Saturday, March 26, 2011

Just ask the team for comments

Recently, the team I am working with really made me smile.

The company I am at has started on a new project involving the exchange of data over the internet.  During the design phase, our communications parameters and methods were established based on existing ways of doing things.

The Agile team I am on is relatively new to Agile proceses.  They are just getting used to the idea of opening up and sharing their ideas.  They know that they can say whatever they feel is appropriate (professionally of course), and they will not be chastised in any way for speaking.  I encourage all constructive comments from any team member.

I am so happy that I have brought this culture into our work environment :->

This particular project involved creating a complicated system of token creation and disposal. For obvious reasons, I can't say too much more than that.

I decided to take our "design document" (very rough overview) of how the system is intended to work and send it the team as a final check to ask them if they see any flaws or have any ideas.  The document was just about to go out to a third party to start work on.

One of the newer developers had the courage to speak up and say "Hey, why don't we do this instead"..... And this is why I encourage teams over individual processes any time.

None of us had known that this junior developer had worked on a project in the past that used such different technology. If he had not been given the opportunity to speak, we would have never had the benefit of learning from his experience.

The new design allows us the same level of security for our application in a significantly simplified manner.

If you're managing a team, don't think that if a developer is considered Junior to you or your company that their input is not valid.  This can really lower the team's potential development.

I am not encouraging a long debate or forcing everyone to speak. However, if someone has something to say, it might be worth listening to.  Of course, time-box responses from those that have something to say to avoid long debates.  If the idea is valuable, it will quickly become evident.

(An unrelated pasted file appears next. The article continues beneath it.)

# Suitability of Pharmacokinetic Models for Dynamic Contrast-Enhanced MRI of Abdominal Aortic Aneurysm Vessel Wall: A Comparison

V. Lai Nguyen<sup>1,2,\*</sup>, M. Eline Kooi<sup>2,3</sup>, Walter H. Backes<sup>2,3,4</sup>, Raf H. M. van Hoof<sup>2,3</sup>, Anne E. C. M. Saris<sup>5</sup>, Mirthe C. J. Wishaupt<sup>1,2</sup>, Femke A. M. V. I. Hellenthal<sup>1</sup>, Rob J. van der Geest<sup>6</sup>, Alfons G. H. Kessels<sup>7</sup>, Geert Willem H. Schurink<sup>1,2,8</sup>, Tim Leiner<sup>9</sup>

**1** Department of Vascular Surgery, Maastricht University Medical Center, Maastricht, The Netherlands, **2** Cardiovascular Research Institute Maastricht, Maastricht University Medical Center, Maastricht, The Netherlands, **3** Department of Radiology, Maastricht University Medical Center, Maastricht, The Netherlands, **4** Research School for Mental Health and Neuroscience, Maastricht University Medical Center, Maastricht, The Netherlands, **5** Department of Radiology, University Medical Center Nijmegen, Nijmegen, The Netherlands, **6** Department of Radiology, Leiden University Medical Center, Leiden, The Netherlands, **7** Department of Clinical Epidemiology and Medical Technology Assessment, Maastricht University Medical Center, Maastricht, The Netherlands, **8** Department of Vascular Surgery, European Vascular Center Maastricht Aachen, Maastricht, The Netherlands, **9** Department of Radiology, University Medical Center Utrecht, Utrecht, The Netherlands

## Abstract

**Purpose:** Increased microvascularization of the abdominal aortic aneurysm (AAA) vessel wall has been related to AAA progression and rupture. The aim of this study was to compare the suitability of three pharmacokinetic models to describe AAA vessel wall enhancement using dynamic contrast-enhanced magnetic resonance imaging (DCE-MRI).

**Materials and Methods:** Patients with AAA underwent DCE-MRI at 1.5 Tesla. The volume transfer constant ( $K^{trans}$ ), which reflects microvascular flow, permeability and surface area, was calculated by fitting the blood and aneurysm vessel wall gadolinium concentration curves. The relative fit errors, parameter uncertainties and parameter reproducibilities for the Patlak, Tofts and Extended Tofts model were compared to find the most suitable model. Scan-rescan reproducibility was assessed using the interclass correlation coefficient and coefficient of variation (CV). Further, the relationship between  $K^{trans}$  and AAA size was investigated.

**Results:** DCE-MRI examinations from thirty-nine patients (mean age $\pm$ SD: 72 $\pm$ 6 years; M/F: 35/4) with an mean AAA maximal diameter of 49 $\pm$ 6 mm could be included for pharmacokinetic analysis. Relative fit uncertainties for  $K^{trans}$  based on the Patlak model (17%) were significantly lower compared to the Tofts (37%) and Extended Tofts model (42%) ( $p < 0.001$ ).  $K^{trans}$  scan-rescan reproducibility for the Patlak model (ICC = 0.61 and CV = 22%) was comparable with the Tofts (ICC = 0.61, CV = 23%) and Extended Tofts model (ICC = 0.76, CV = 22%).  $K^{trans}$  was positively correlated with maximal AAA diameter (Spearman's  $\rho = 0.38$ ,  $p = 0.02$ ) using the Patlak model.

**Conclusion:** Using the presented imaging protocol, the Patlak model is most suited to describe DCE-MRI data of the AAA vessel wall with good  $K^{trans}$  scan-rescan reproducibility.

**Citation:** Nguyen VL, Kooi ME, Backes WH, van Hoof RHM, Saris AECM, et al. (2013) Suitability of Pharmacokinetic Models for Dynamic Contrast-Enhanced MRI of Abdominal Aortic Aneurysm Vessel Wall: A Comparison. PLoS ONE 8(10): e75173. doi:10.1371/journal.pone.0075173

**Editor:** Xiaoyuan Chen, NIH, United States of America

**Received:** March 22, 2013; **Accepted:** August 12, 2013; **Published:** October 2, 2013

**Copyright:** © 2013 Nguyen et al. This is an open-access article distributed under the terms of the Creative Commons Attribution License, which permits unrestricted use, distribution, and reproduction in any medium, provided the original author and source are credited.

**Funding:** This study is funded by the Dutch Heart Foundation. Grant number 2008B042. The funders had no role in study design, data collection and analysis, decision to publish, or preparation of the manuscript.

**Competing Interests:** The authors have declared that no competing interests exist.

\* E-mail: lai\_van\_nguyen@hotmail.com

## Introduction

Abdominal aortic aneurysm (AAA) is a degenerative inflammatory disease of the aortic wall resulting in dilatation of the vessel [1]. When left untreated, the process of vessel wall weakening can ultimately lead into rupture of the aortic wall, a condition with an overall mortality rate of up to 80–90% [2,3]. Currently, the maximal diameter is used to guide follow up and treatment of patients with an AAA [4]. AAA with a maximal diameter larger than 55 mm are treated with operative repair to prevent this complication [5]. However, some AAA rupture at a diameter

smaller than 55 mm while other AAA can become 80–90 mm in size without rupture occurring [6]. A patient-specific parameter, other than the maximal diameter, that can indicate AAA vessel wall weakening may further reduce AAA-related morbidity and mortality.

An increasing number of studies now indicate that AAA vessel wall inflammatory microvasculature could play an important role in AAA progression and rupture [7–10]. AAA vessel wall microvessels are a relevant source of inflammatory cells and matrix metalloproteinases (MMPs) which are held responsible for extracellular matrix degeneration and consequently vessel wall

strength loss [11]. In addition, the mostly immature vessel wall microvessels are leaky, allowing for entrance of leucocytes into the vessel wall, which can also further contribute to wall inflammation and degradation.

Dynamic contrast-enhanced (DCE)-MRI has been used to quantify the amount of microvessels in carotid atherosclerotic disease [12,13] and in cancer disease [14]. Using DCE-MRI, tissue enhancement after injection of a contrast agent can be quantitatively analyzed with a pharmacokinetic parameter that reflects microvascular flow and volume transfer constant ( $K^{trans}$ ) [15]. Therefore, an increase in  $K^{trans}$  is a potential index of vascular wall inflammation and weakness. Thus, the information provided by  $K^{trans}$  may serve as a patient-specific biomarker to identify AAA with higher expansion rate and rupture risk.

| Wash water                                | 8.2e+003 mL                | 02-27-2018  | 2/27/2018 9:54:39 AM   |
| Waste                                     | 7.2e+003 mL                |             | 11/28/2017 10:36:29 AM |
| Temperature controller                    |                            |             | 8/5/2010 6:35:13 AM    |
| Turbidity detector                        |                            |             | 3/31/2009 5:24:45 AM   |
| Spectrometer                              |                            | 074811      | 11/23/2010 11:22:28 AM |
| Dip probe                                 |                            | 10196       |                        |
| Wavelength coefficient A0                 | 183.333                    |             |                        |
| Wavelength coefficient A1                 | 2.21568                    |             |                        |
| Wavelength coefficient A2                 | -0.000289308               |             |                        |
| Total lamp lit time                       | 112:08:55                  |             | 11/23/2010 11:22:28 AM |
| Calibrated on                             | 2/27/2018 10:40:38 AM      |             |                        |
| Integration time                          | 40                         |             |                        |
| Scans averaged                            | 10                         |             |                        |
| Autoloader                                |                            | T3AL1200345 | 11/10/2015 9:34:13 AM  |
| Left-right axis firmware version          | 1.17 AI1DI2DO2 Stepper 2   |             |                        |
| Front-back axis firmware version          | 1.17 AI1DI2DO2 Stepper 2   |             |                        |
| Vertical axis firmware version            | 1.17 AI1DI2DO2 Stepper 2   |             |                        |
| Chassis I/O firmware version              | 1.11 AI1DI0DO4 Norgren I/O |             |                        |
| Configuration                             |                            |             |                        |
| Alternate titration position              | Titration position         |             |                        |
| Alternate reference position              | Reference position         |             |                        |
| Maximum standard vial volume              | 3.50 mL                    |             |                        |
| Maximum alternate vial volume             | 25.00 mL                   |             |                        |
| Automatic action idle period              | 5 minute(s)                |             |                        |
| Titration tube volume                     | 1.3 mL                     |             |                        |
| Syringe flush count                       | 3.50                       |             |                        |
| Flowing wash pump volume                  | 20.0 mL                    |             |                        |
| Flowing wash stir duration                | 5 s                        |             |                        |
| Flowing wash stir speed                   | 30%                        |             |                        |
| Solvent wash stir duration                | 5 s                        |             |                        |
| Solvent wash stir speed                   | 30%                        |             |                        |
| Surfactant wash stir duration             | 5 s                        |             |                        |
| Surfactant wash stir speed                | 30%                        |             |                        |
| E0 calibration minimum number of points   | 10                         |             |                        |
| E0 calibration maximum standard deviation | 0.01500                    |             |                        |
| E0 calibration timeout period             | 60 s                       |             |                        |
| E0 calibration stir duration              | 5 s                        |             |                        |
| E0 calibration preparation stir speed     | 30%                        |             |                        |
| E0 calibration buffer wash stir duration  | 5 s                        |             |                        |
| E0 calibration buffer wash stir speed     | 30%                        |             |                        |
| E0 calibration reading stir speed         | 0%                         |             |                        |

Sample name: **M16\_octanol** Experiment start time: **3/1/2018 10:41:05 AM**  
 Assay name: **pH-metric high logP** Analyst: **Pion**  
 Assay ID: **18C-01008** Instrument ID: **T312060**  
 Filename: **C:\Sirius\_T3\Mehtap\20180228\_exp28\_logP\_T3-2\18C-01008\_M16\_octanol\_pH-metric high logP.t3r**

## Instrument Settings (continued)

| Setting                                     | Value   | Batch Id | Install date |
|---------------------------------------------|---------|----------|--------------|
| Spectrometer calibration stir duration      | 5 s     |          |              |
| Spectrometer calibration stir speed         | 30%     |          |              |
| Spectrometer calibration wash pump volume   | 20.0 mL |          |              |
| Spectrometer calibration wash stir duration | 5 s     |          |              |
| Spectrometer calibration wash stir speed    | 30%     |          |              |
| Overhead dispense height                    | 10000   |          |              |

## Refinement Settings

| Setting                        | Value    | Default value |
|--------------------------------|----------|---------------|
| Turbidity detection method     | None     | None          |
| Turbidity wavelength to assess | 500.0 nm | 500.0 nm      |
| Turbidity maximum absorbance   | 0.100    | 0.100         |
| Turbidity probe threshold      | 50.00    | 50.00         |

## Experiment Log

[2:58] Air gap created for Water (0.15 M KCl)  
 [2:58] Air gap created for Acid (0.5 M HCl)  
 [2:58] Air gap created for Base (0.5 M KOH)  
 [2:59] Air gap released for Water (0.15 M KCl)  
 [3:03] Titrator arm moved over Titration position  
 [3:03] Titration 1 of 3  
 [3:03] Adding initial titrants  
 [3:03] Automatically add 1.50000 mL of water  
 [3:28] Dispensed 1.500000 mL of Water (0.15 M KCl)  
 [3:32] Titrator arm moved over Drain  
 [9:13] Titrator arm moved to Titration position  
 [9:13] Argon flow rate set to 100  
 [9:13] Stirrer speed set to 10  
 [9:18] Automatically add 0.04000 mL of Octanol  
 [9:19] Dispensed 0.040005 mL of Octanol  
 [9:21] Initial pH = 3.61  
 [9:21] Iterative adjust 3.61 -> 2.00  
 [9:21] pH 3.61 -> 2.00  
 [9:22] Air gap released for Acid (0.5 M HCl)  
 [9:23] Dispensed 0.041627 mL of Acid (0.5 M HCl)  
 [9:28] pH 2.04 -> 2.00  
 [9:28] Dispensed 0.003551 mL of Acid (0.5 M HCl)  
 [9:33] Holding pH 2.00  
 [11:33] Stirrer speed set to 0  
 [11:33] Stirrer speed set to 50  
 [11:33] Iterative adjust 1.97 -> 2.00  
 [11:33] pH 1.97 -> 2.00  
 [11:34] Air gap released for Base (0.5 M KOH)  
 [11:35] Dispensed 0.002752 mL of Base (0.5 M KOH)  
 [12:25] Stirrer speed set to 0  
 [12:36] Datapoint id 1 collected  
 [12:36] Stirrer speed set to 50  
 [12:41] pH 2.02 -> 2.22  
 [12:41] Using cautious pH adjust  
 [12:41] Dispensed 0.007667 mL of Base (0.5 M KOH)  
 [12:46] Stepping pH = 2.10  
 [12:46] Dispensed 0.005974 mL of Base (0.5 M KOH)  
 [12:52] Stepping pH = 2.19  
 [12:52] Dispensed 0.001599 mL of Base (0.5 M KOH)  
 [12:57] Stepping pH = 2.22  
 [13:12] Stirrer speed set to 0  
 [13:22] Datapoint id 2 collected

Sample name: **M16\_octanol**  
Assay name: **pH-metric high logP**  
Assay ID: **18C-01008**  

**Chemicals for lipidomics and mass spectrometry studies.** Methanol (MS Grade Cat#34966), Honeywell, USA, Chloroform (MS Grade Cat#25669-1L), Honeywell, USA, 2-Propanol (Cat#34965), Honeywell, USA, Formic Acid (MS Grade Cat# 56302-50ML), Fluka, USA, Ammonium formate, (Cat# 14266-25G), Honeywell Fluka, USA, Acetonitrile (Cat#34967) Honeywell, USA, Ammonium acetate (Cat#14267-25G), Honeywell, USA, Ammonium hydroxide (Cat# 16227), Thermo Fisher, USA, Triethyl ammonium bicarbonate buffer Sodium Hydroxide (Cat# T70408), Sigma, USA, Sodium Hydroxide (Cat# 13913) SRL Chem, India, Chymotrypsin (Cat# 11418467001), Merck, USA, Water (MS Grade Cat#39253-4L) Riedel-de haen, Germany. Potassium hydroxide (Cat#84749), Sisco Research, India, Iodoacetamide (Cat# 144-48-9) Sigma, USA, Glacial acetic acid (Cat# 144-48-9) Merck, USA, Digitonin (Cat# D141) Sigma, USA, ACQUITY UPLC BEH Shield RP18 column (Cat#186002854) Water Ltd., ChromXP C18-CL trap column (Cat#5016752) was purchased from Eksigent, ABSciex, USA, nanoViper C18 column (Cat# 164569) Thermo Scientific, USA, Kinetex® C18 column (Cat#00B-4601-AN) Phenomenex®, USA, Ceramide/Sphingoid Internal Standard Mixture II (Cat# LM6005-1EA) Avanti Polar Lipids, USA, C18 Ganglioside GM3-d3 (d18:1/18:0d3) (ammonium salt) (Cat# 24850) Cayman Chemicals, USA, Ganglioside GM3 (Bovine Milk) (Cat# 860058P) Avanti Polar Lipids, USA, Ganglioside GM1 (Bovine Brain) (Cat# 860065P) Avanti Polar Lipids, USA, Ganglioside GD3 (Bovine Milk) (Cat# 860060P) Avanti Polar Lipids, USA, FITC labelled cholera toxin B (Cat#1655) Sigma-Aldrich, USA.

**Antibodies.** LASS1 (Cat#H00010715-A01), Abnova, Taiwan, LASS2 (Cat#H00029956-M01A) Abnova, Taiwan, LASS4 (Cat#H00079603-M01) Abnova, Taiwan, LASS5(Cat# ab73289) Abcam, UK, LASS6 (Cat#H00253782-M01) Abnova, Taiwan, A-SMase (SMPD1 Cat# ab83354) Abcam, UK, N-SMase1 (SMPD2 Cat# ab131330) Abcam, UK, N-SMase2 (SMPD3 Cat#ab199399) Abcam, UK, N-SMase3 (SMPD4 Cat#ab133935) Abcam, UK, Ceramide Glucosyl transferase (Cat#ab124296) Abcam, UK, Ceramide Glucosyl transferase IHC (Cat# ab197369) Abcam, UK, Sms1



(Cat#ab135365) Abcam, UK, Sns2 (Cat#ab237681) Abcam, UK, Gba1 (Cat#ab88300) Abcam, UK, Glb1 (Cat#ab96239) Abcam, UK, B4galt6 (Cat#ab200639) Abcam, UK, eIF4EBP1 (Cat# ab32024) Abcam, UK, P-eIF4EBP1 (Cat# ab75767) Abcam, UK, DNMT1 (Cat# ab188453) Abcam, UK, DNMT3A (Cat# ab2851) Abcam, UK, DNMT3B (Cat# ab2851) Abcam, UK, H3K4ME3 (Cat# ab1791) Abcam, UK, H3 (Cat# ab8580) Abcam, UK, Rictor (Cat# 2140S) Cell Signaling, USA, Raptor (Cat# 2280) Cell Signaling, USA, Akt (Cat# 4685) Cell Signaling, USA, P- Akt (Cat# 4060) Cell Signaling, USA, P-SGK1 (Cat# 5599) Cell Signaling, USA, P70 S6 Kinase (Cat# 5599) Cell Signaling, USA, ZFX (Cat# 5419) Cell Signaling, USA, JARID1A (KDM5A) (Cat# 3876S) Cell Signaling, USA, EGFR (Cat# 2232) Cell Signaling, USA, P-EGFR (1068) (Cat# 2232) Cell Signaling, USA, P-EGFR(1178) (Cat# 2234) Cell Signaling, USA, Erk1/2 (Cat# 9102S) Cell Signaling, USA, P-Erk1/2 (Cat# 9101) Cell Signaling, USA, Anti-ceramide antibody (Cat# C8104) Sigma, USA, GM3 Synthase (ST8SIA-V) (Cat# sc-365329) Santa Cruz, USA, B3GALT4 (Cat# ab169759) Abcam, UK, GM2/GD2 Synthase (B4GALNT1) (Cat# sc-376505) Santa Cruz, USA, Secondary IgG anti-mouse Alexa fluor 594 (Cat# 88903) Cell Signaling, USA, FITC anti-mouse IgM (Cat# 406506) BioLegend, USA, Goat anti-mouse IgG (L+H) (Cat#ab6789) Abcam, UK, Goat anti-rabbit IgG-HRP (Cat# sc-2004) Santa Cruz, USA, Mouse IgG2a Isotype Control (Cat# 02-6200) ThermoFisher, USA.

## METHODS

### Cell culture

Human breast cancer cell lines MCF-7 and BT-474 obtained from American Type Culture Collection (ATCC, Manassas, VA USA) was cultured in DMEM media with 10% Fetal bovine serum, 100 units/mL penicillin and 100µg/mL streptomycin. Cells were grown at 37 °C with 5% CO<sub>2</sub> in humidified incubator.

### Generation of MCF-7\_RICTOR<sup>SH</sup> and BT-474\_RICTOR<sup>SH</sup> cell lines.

There are of course costs associated with changing a general design near its' start date, so ideas should be considered based on overall value to the company or project.  This can never be taken away.  Remember, the key word here is Value.

However, do yourself a favor and simply ask the team if there are any improvements you can make.  Some may be minor.  Some may be major and simply too huge to accomplish.

Make it clear that you may not use their ideas but that you do value them.  Keep comments time-boxed if someone wants to speak.  This will force the exchange to stick with the real value of the suggestion.

Sometimes though, it may surprise you what a simple "Does any one have any comments?" can do for you.

A foundation of OpenAgile, for instance is Consultative Decision-Making*.  This to me is the idea that all decisions that will effect the team will be reviewed openly with the entire team so that everyone understands and has the ability to make some input into the process.  

To me, this  is a great idea. It allows all team members to feel like they are part of the finished product and allows buy-in at an early stage.  This will be important later during problem solving sessions.

In our case, it will likely save us weeks of developer time, improve our product and make any future changes considerably easier.

Mike Caspar, CSM,
Open Agile Level 1 Certificate Holder

References : Consultative Decision Making* - OpenAgile.

1 comment :

  1. In my experience, junior members of IT teams are usually budding with ideas and have a sort of 'intuition' about new methods and techniques. Even if the age discrepancy within the team is narrow, say the oldest member is 35 and the youngest is 25, that means the older members likely learned HTML 2.0 through Dreamweaver and and focused for years on "feature-rich applications" while the 25-year-olds are native speakers of AJAX and grew up with "thin clients".